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Spades Column of the Month – May 2004

 

 

 

By Joe Andrews

 

 

 

This month we (temporarily) depart from "Beginner's Korner" feature for the quarterly installment from my friend JohnGalt Strichman, the author of How Not to Lose At Spades. John has revised his original edition, and you will really enjoy the updates, as well as the impressive layout. Check it out on www.spadesbook.com. "Beginner's Korner" will return next month.

"Backseat Driving" by JohnGalt Strichman

In my book, I use the term "Double Nil" to refer to a hand on which one player from each team has bid Nil (not to be confused with a double Nil -- or blind Nil -- bid).

Double Nil hands play a tremendous role in the outcome of Spades games. One reason for this is that the potential point swing on a Double Nil hand is huge. The difference between one team making its Nil while the other team does not and the reverse is 400 points!  Based on the Nil bids alone, it is possible to gain 200 points on the opponents (your team makes its Nil and the other team does not) or to lose 200 points (the opponents make their Nil bid and your team does not).

Further, other factors that influence the play of a Double Nil can lead to one of the cover partners taking such a large number of bags on the hand that that hand alone will represent the primary cause for his team eventually suffering a bag penalty and losing the game. The most critical consideration when bidding and playing a Double Nil hand is what I call "Front seat/Backseat."  Front seat/Backseat refers to the positioning of the cover partners relative to the two Nil bidders. The front seat is the position of the cover partner who plays just prior to the opposing Nil bidder, and the backseat is the position of the cover partner who plays just prior to the opposing cover partner.

For example, in the following situation, North is sitting in the front seat (he plays just prior to the opposing Nil bidder -- East), and West is sitting in the backseat (he plays just prior to the opposing cover partner -- North).

The Bidding:  North  4; East  0;  South 0; West 6  (Nil Bids by East and South)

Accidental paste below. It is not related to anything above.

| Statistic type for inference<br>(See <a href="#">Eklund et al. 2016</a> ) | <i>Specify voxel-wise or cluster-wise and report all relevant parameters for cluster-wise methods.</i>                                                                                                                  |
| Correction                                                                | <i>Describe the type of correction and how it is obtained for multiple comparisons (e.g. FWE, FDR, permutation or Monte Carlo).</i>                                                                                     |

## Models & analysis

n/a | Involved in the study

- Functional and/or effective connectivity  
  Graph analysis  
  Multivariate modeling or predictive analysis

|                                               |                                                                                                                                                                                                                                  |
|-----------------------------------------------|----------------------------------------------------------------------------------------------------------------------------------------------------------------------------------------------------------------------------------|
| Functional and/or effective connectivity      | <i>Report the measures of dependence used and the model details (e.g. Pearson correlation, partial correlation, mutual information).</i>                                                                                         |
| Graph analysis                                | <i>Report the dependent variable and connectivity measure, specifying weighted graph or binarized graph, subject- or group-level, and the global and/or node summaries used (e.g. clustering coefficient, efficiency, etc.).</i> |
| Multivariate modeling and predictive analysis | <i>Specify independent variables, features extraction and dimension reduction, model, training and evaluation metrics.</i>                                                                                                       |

The Double Dare

You have been dealt the following hand in the following situation, and are leading the first trick from the backseat position on the Double Nil.  What card should you lead?

The Score: Your Team  204,  Pones 234

The Bidding:  North  0;  East  0; South  5; West 3

South holds:

 3 9 Q A
 5 8 10 A
 3 8
 7 Q A

If you lead any card other than the 3 of Diamonds, you are making a mistake.

MISTAKE 75

If you are leading from the backseat on a Double Nil and there are several bags to be distributed on the hand (unless you have a commanding lead), if you don't take the opportunity to force your opponent into the lead, you are needlessly taking bags, and you and your pard are losing more Spades games than you should.

In this example, there will be five bags absorbed on the hand. If both teams make their Nils, your team's score will be 354 plus however many bags you take, and the opponents will have 364 plus however many bags West takes. It is very likely that the outcome of the game will hinge on how the bags on this hand are distributed.

It is imperative that you lead a card that is sufficiently low that West will have to risk setting his partner's Nil if he doesn't cover the lead with a high card.  You must dare him on this Double Nil hand to let your lead go around the table and see which of the Nil bidders winds up getting set.  This is the only way that you can force West into the lead so that you gain total control of the play of the hand. In this situation, the front-seat player has little choice but to cover the low lead.  The instinct to protect his Nil partner is so strong, and the fear of not doing so, so great, that it is a very rare instance indeed when the front-seat player does not back away from the dare and the risk of setting his partner.